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Originally published July 28, 2013 at 9:35 PM | Page modified July 29, 2013 at 6:59 AM

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Boeing requests wider scrutiny of locator beacons

Boeing Co. has expanded inspections of emergency locator beacons made by Honeywell International to include five more aircraft types after problems were discovered with the transmitters on 787 jets.

The Associated Press

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Boeing Co. has expanded inspections of emergency locator beacons made by Honeywell International to include five more aircraft types after problems were discovered with the transmitters on 787 jets.

Boeing's marketing vice president Randy Tinseth says in a blog dated Sunday that the aircraft manufacturer is asking operators of 717, Next-Generation 737, 747-400, 767 and 777 airplanes to inspect the battery-operated beacons which activate in a crash to help rescuers find a plane.

United Airlines and All Nippon Airways last week disclosed issues with the wiring on their Boeing 787's emergency transmitters, the same part of the plane that is getting close scrutiny after a parked Ethiopian Airlines jet caught fire at London's Heathrow earlier this month.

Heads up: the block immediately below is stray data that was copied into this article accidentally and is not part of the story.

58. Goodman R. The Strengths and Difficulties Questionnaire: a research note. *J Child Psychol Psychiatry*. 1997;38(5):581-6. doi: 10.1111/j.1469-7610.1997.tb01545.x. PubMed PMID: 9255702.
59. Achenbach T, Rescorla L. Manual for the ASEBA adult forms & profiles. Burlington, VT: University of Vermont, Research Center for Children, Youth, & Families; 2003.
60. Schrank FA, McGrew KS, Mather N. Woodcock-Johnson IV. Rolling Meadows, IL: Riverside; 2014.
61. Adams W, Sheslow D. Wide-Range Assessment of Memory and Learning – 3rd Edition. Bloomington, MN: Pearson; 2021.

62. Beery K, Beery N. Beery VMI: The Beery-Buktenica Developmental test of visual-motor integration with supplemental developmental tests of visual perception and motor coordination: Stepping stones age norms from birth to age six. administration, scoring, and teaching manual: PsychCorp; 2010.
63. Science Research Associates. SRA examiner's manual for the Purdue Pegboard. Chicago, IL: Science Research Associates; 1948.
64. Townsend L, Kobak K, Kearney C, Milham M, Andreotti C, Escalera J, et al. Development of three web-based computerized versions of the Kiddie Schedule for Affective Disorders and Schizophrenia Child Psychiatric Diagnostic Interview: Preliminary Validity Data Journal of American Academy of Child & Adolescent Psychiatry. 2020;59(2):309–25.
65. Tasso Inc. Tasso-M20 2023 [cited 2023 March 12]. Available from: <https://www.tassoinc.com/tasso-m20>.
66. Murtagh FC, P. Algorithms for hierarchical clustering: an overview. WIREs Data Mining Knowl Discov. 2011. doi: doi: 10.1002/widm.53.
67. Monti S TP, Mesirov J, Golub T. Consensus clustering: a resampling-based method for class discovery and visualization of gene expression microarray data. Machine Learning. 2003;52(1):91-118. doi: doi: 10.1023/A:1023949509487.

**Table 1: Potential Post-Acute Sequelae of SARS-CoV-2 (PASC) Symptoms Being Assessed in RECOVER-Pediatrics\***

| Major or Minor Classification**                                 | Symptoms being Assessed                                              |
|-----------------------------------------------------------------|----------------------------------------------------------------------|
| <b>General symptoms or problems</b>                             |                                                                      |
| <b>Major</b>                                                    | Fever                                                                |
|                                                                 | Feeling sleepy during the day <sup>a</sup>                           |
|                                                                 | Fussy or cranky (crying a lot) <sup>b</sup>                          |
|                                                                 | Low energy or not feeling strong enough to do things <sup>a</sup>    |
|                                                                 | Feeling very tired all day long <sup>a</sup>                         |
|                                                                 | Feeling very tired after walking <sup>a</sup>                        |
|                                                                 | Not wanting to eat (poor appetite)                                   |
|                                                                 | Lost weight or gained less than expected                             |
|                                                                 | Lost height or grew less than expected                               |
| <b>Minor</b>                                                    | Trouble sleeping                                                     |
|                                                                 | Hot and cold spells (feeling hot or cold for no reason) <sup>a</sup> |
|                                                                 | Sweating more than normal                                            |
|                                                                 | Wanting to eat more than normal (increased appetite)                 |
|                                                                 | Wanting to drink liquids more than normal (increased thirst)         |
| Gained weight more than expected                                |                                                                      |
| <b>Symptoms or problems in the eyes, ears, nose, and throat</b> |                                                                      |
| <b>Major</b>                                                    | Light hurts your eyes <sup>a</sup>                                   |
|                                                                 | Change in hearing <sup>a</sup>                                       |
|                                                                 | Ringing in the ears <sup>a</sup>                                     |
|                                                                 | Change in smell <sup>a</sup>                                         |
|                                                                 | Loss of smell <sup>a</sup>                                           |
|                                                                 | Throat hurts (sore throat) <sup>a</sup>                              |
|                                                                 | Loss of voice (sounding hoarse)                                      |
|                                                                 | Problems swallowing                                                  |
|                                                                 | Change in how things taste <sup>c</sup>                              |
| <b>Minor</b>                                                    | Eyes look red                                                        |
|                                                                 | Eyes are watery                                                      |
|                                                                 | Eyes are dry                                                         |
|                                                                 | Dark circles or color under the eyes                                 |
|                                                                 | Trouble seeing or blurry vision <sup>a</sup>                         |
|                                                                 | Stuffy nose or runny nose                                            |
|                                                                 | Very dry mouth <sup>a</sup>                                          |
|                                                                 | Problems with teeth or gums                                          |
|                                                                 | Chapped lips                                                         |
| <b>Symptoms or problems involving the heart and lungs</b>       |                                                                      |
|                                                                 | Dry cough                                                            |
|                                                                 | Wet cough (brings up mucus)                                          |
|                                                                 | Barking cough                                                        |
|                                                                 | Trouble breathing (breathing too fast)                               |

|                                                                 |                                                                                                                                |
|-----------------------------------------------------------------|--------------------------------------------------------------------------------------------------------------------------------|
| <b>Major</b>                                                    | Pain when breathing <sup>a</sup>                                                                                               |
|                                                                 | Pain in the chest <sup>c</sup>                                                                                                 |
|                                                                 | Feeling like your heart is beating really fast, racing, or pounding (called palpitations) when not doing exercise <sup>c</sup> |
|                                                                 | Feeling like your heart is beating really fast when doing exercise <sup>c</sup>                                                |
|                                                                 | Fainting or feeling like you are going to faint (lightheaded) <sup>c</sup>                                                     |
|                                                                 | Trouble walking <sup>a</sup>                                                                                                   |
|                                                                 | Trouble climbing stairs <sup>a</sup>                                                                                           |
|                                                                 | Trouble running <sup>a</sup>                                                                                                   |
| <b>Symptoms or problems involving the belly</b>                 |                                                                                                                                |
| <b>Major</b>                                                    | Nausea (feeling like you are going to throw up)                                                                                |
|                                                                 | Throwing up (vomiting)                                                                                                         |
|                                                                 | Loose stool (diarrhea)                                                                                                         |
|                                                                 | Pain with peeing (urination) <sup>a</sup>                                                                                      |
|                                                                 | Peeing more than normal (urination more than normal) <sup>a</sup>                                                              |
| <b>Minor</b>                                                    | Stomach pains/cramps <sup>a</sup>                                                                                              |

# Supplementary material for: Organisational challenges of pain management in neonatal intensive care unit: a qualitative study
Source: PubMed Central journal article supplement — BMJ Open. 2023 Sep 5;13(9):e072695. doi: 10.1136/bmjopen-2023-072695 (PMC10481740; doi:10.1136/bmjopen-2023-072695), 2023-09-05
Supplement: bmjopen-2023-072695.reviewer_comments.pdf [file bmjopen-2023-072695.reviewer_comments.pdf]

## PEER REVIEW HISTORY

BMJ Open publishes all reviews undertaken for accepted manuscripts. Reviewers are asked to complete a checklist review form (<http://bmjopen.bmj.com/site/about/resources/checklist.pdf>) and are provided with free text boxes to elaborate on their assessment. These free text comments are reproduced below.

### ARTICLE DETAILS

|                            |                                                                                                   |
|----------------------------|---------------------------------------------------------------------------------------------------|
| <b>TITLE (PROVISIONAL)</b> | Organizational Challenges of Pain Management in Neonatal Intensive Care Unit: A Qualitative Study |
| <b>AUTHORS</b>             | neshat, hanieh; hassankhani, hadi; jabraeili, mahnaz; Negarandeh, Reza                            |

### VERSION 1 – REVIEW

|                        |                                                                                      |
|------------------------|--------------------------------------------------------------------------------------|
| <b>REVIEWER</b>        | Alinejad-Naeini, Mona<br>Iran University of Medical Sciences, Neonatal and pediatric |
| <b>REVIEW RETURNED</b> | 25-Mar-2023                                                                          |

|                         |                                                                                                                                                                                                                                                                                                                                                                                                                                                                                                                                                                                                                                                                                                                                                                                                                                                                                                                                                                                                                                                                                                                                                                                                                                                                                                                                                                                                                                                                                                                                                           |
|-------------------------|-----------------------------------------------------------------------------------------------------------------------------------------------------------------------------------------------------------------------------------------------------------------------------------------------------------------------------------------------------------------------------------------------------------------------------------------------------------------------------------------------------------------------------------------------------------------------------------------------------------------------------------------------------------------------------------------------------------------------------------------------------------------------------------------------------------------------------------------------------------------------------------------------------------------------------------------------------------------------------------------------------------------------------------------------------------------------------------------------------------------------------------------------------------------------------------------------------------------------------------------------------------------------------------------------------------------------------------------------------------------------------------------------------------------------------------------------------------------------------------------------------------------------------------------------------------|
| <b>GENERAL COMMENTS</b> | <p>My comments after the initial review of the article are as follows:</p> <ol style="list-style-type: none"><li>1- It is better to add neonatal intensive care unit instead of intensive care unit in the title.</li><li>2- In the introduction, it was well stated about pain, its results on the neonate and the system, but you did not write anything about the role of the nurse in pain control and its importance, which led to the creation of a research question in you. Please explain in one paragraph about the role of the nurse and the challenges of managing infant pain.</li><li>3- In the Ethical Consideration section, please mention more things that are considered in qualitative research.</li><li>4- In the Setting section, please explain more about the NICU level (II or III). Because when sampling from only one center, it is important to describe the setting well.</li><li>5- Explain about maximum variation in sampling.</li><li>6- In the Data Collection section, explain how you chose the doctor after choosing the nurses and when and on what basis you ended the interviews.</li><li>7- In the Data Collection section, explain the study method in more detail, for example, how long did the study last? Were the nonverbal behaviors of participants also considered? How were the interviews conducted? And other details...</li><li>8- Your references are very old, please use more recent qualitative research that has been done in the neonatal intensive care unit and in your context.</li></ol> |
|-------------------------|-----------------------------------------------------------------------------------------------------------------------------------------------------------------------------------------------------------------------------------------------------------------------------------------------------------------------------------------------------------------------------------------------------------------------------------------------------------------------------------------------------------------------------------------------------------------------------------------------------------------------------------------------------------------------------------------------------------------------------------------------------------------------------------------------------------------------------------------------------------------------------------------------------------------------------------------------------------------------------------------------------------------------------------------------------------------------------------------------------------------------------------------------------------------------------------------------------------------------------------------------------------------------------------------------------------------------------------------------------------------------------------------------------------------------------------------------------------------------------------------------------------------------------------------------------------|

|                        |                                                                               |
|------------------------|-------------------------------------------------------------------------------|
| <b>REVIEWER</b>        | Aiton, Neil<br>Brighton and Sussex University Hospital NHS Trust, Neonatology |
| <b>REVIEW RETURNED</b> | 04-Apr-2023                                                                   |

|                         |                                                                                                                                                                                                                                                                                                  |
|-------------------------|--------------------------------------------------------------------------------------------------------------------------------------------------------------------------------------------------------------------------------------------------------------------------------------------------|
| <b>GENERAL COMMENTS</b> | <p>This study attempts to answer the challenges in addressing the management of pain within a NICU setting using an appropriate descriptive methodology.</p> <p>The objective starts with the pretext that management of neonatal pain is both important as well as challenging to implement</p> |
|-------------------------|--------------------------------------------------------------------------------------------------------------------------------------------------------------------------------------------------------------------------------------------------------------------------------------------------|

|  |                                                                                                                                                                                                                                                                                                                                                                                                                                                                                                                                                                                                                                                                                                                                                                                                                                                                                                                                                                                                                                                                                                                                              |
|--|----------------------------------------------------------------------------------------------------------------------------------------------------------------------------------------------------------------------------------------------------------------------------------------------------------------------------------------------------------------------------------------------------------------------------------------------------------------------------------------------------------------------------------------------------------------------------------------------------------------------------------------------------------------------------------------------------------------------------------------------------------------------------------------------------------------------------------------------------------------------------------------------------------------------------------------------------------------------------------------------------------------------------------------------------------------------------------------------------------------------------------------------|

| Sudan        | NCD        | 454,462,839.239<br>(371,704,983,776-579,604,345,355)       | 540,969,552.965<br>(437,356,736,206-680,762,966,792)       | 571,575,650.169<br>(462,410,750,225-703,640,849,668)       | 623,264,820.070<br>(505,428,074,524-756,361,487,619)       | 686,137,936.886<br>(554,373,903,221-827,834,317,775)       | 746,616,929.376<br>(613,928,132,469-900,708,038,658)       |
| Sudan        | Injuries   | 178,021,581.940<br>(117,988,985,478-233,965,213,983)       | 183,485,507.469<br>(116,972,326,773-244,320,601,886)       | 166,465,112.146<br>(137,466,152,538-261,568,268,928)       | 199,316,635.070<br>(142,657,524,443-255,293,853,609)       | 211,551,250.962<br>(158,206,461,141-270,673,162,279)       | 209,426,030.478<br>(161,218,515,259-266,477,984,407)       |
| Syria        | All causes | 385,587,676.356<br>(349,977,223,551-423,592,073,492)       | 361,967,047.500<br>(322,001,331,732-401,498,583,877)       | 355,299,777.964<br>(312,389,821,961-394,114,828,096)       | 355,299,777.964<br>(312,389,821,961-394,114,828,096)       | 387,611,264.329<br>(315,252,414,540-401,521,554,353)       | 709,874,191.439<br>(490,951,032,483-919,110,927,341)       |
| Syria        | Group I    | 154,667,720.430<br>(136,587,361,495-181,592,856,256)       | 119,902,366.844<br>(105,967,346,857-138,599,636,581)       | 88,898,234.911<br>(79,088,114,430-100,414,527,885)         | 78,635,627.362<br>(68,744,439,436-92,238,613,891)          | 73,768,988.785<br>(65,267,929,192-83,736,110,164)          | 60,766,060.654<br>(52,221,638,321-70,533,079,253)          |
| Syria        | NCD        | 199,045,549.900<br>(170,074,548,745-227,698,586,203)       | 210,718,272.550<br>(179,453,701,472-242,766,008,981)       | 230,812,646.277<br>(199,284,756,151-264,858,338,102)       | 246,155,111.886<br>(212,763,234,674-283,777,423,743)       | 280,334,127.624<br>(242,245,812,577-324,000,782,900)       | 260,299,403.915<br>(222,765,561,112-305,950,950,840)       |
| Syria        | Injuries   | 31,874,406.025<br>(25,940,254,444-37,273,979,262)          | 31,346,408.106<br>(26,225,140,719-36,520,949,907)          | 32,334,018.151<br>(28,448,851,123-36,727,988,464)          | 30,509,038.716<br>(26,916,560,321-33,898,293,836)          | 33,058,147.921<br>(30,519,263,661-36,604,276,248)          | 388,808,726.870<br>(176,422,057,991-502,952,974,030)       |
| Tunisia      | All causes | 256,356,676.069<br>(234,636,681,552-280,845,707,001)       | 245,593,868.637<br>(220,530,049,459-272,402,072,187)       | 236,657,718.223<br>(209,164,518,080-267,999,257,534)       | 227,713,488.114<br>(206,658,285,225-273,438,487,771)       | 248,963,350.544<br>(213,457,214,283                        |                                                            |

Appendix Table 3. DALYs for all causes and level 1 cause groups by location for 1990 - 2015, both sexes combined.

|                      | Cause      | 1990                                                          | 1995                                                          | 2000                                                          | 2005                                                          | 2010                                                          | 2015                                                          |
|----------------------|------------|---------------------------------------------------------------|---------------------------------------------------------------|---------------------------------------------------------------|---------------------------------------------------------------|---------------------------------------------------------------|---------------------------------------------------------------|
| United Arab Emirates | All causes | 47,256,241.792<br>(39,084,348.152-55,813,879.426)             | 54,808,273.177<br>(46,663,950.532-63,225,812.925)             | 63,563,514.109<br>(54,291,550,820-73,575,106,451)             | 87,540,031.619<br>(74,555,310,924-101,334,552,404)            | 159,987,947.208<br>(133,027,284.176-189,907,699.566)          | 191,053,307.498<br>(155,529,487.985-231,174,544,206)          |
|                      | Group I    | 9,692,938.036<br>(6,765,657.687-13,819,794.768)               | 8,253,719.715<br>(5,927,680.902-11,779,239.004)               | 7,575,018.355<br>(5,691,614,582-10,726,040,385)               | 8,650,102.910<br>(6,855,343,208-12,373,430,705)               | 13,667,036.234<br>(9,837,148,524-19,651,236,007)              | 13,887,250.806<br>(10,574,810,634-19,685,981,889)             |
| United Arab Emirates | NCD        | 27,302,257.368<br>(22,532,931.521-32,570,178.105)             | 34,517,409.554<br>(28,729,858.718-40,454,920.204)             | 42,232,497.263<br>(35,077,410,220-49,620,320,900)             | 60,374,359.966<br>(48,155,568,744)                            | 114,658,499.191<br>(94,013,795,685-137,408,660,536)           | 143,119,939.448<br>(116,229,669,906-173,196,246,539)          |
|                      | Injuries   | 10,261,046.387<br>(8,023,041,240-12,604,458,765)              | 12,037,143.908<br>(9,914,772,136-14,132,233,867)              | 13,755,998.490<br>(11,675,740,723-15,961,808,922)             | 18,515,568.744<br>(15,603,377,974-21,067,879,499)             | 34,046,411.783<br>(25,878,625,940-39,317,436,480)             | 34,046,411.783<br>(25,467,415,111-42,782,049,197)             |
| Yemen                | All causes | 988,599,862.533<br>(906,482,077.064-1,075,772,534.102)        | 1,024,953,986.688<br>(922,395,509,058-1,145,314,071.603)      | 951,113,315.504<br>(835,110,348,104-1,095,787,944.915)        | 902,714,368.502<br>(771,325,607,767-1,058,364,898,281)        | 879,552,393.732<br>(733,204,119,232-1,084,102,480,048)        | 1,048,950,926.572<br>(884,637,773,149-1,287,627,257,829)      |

Boeing said its expanded request for inspections follows a recommendation by the U.K. Air Accidents Investigation Branch that airplane models with the Honeywell locator beacons be scrutinized.

"The purpose of these inspections is to gather data to support potential rulemaking by regulators," said Tinseth.

United Airlines said Friday it found a pinched wire during an inspection of one of its six 787s. Japan's All Nippon Airways found damage to wiring on two Boeing 787 locater beacons. It flies 20 of the jets.

The inspections of 787 Dreamliner jets were mandated by the Federal Aviation Administration for U.S. airlines after the fire in the tail of the Ethiopian Airlines 787.

U.K. investigators said the only thing in the tail section with enough power to fuel a fire like that was the emergency transmitter.

Dreamliner jets were grounded worldwide in January after separate problems with lithium-ion batteries that overheated or caught fire. Flights resumed four months later after a revamped battery system was installed in the airplanes.

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